My colleague and I have been discussing (or arguing about, if you like) the
Guardian story which reports that Paul Wolfowitz said the Iraq war was about oil. I have more doubts and qualms about the war than Jeremy does, but then as he concedes, I live in the US whereas he lives in the UK: the differences in our respective heads of state could account for our different views all by themselves. But one thing we do agree on is the irredeemable awfulness of Islamofascism, and that there is no proper opposition to it (with, as he points out, the honourable exception of Christopher Hitchens) on the Left.

Why is that? I think it has to do with the way the value of tolerance and acceptance is taken to trump all other values, and the way tolerance is then taken to mean never criticising or questioning. Above all it is taboo to say harsh things about Islam, because most Muslims are in the Third World: therefore it must be Eurocentric and colonialist and (worst of all) Orientalist to say there could be anything wrong with Islam, particularly so-called ‘moderate’ Islam.

Ibn Warraq says in an article on this site that Edward Said’s book Orientalism has a great deal to do with this reluctance to be skeptical or hostile towards Islam on the part of Western Leftist intellectuals. Therefore I was very interested to learn that Azar Nafisi talks about Said in her Teaching Lolita in Teheran, as mentioned in this interview in the Atlantic.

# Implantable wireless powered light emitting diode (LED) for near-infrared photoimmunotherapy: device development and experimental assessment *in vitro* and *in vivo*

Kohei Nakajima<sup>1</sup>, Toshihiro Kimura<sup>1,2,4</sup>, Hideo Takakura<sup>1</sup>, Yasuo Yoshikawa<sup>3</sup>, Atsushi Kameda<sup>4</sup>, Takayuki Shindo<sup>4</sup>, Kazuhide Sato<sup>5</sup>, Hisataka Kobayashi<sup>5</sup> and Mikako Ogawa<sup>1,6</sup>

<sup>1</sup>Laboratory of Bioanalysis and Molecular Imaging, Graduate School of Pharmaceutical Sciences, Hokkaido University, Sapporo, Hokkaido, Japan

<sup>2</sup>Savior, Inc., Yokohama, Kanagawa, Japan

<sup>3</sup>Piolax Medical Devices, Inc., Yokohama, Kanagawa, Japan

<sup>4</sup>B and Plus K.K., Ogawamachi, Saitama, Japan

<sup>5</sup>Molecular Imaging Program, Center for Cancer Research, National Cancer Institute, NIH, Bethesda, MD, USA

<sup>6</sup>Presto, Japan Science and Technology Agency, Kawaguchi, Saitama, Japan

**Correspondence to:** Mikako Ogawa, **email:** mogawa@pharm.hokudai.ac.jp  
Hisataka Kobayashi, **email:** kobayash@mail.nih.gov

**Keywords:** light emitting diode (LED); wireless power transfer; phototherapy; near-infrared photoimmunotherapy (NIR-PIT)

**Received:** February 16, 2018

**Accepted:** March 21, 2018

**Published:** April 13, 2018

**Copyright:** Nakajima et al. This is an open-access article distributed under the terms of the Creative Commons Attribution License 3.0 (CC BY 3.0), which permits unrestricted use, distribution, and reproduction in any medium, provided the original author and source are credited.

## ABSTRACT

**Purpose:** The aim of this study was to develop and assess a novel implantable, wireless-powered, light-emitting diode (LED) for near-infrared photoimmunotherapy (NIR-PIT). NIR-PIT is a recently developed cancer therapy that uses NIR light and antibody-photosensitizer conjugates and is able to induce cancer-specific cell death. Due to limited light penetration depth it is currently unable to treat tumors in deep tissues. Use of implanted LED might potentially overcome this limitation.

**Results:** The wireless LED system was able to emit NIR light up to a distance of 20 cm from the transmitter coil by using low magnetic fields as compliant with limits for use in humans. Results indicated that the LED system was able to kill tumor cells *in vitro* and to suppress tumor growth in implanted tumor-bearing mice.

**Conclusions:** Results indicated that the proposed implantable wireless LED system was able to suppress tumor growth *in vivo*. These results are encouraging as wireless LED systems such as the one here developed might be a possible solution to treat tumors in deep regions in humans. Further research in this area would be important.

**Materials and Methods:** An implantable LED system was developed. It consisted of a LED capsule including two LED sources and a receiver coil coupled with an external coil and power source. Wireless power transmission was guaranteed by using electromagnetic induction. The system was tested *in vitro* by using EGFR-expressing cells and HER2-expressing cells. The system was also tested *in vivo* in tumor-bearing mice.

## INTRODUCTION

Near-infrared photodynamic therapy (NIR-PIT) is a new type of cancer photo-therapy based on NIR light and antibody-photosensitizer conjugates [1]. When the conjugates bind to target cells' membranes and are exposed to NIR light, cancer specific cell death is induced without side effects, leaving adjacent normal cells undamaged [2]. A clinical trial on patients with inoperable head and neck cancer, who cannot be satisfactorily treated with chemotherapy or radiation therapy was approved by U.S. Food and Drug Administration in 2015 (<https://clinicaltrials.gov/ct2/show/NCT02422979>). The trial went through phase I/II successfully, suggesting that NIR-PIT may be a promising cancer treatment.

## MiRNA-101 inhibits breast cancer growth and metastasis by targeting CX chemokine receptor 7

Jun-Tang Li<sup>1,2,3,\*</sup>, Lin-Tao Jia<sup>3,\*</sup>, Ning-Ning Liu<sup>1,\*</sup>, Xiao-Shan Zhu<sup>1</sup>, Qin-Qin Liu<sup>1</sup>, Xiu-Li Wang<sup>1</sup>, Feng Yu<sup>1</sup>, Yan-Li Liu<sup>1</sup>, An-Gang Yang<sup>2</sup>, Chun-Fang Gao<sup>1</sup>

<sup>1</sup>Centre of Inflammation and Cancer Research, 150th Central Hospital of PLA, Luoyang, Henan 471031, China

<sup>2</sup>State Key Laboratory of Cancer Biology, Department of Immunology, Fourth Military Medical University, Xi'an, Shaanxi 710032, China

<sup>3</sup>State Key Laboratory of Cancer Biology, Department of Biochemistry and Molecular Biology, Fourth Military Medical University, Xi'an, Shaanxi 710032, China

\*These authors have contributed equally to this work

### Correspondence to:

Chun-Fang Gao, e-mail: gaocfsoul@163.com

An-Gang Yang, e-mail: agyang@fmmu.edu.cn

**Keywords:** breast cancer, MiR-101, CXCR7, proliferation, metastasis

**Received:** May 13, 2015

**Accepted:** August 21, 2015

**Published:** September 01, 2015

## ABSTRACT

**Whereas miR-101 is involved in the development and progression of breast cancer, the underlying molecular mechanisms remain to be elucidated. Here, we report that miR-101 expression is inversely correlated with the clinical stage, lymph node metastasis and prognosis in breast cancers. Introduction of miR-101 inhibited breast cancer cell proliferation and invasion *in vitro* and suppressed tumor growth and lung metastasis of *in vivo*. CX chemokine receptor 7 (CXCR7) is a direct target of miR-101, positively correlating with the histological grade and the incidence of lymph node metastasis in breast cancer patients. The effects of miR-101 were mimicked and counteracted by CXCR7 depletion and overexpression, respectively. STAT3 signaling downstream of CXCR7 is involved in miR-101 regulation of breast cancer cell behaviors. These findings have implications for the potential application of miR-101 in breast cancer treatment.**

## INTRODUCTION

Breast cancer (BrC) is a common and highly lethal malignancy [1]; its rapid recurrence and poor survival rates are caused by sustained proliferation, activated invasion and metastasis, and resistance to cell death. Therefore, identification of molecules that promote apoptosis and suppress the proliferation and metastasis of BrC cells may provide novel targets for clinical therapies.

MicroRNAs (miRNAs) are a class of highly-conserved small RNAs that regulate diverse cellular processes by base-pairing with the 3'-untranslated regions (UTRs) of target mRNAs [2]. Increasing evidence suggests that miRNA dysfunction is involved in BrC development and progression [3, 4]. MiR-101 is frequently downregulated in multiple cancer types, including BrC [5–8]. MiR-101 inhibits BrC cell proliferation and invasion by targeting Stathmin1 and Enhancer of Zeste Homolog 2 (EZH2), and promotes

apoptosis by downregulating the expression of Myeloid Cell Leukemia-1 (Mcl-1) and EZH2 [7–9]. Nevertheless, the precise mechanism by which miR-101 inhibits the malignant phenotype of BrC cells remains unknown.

You include an ironic anecdote in your book, about an Islamist student who quoted Edward Said to denounce certain decadent Western authors—an anti-modernist invoking a postmodernist. But haven’t these sorts of contradictions been part of the revolution since the beginning, in the collaboration between the Islamists and the radical left?

Unfortunately (in my view at least) Nafisi then goes on to say that the great divide in Islamic society is not between religion and secularism. Well if it isn’t it ought to be, I think. A non-fundamentalist Islam would be vastly preferable to a fundamentalist one, but a secular society would be better than even a moderate theocratic one. No argument on that around here.

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